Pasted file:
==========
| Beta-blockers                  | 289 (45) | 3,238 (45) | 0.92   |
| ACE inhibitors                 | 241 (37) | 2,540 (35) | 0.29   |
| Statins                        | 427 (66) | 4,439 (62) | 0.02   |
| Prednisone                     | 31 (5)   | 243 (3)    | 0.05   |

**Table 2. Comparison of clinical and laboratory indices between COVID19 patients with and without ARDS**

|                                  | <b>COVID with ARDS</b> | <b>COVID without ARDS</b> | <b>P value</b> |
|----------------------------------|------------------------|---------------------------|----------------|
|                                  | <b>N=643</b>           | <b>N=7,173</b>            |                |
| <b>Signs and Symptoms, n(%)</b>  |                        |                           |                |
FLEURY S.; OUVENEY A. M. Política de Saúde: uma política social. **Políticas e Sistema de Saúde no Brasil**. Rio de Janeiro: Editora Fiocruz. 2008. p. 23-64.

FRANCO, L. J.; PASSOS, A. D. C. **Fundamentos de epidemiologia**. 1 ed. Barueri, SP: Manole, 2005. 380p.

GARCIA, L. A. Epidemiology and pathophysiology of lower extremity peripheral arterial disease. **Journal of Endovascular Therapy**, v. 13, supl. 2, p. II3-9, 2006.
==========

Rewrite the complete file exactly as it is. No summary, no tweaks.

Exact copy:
| Beta-blockers                  | 289 (45) | 3,238 (45) | 0.92   |
| ACE inhibitors                 | 241 (37) | 2,540 (35) | 0.29   |
| Statins                        | 427 (66) | 4,439 (62) | 0.02   |
| Prednisone                     | 31 (5)   | 243 (3)    | 0.05   |

**Table 2. Comparison of clinical and laboratory indices between COVID19 patients with and without ARDS**

|                                  | <b>COVID with ARDS</b> | <b>COVID without ARDS</b> | <b>P value</b> |
|----------------------------------|------------------------|---------------------------|----------------|
|                                  | <b>N=643</b>           | <b>N=7,173</b>            |                |
| <b>Signs and Symptoms, n(%)</b>  |                        |                           |                |
FLEURY S.; OUVENEY A. M. Política de Saúde: uma política social. **Políticas e Sistema de Saúde no Brasil**. Rio de Janeiro: Editora Fiocruz. 2008. p. 23-64.

FRANCO, L. J.; PASSOS, A. D. C. **Fundamentos de epidemiologia**. 1 ed. Barueri, SP: Manole, 2005. 380p.

GARCIA, L. A. Epidemiology and pathophysiology of lower extremity peripheral arterial disease. **Journal of Endovascular Therapy**, v. 13, supl. 2, p. II3-9, 2006.